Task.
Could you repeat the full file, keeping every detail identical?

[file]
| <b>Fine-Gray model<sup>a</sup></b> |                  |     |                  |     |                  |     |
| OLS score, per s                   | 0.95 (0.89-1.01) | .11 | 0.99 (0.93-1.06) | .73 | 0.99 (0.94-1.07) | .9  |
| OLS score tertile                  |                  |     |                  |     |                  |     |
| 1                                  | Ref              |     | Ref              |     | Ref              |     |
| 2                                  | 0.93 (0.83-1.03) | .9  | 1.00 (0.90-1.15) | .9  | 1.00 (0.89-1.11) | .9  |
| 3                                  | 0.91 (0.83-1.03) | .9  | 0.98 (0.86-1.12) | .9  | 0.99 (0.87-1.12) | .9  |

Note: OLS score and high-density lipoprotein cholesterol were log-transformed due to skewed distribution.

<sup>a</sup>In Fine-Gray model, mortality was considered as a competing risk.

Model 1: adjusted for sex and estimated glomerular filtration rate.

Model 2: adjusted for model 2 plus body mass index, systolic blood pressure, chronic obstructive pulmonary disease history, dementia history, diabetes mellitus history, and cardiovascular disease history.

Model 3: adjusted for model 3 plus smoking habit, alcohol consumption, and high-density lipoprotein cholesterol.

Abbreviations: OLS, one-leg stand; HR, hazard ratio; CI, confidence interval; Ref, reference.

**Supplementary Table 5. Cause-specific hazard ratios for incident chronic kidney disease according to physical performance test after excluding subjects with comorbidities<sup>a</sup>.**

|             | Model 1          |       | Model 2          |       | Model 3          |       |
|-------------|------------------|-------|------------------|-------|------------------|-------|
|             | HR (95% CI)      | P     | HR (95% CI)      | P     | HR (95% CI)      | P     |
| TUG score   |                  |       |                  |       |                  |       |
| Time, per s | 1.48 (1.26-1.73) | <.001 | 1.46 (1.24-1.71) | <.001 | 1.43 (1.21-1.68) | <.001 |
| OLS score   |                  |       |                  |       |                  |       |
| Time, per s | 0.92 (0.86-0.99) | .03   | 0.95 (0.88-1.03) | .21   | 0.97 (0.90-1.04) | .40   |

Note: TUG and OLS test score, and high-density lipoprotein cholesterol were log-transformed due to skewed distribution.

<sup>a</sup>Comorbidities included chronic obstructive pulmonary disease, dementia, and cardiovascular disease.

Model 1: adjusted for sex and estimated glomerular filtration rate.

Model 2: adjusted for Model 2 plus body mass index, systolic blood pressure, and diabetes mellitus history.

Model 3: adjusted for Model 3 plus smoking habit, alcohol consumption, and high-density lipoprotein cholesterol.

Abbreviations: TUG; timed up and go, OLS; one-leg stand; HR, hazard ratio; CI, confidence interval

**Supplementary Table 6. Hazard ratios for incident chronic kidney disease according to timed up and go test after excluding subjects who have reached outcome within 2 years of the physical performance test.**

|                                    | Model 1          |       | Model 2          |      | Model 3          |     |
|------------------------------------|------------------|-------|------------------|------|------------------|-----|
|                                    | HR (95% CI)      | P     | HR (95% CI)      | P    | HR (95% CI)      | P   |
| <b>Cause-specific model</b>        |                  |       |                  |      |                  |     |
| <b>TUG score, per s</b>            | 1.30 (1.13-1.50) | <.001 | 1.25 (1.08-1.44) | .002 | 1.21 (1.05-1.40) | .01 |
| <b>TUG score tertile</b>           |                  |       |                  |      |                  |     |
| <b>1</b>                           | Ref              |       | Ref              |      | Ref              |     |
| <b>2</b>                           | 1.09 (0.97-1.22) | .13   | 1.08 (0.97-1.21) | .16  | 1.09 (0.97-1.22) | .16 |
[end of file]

| <b>Fine-Gray model<sup>a</sup></b> |                  |     |                  |     |                  |     |
| OLS score, per s                   | 0.95 (0.89-1.01) | .11 | 0.99 (0.93-1.06) | .73 | 0.99 (0.94-1.07) | .9  |
| OLS score tertile                  |                  |     |                  |     |                  |     |
| 1                                  | Ref              |     | Ref              |     | Ref              |     |
| 2                                  | 0.93 (0.83-1.03) | .9  | 1.00 (0.90-1.15) | .9  | 1.00 (0.89-1.11) | .9  |
| 3                                  | 0.91 (0.83-1.03) | .9  | 0.98 (0.86-1.12) | .9  | 0.99 (0.87-1.12) | .9  |

Note: OLS score and high-density lipoprotein cholesterol were log-transformed due to skewed distribution.

<sup>a</sup>In Fine-Gray model, mortality was considered as a competing risk.

Model 1: adjusted for sex and estimated glomerular filtration rate.

Model 2: adjusted for model 2 plus body mass index, systolic blood pressure, chronic obstructive pulmonary disease history, dementia history, diabetes mellitus history, and cardiovascular disease history.

Model 3: adjusted for model 3 plus smoking habit, alcohol consumption, and high-density lipoprotein cholesterol.

Abbreviations: OLS, one-leg stand; HR, hazard ratio; CI, confidence interval; Ref, reference.

**Supplementary Table 5. Cause-specific hazard ratios for incident chronic kidney disease according to physical performance test after excluding subjects with comorbidities<sup>a</sup>.**

|             | Model 1          |       | Model 2          |       | Model 3          |       |
|-------------|------------------|-------|------------------|-------|------------------|-------|
|             | HR (95% CI)      | P     | HR (95% CI)      | P     | HR (95% CI)      | P     |
| TUG score   |                  |       |                  |       |                  |       |
| Time, per s | 1.48 (1.26-1.73) | <.001 | 1.46 (1.24-1.71) | <.001 | 1.43 (1.21-1.68) | <.001 |
| OLS score   |                  |       |                  |       |                  |       |
| Time, per s | 0.92 (0.86-0.99) | .03   | 0.95 (0.88-1.03) | .21   | 0.97 (0.90-1.04) | .40   |

Note: TUG and OLS test score, and high-density lipoprotein cholesterol were log-transformed due to skewed distribution.

<sup>a</sup>Comorbidities included chronic obstructive pulmonary disease, dementia, and cardiovascular disease.

Model 1: adjusted for sex and estimated glomerular filtration rate.

Model 2: adjusted for Model 2 plus body mass index, systolic blood pressure, and diabetes mellitus history.

Model 3: adjusted for Model 3 plus smoking habit, alcohol consumption, and high-density lipoprotein cholesterol.

Abbreviations: TUG; timed up and go, OLS; one-leg stand; HR, hazard ratio; CI, confidence interval

**Supplementary Table 6. Hazard ratios for incident chronic kidney disease according to timed up and go test after excluding subjects who have reached outcome within 2 years of the physical performance test.**

|                                    | Model 1          |       | Model 2          |      | Model 3          |     |
|------------------------------------|------------------|-------|------------------|------|------------------|-----|
|                                    | HR (95% CI)      | P     | HR (95% CI)      | P    | HR (95% CI)      | P   |
| <b>Cause-specific model</b>        |                  |       |                  |      |                  |     |
| <b>TUG score, per s</b>            | 1.30 (1.13-1.50) | <.001 | 1.25 (1.08-1.44) | .002 | 1.21 (1.05-1.40) | .01 |
| <b>TUG score tertile</b>           |                  |       |                  |      |                  |     |
| <b>1</b>                           | Ref              |       | Ref              |      | Ref              |     |
| <b>2</b>                           | 1.09 (0.97-1.22) | .13   | 1.08 (0.97-1.21) | .16  | 1.09 (0.97-1.22) | .16 |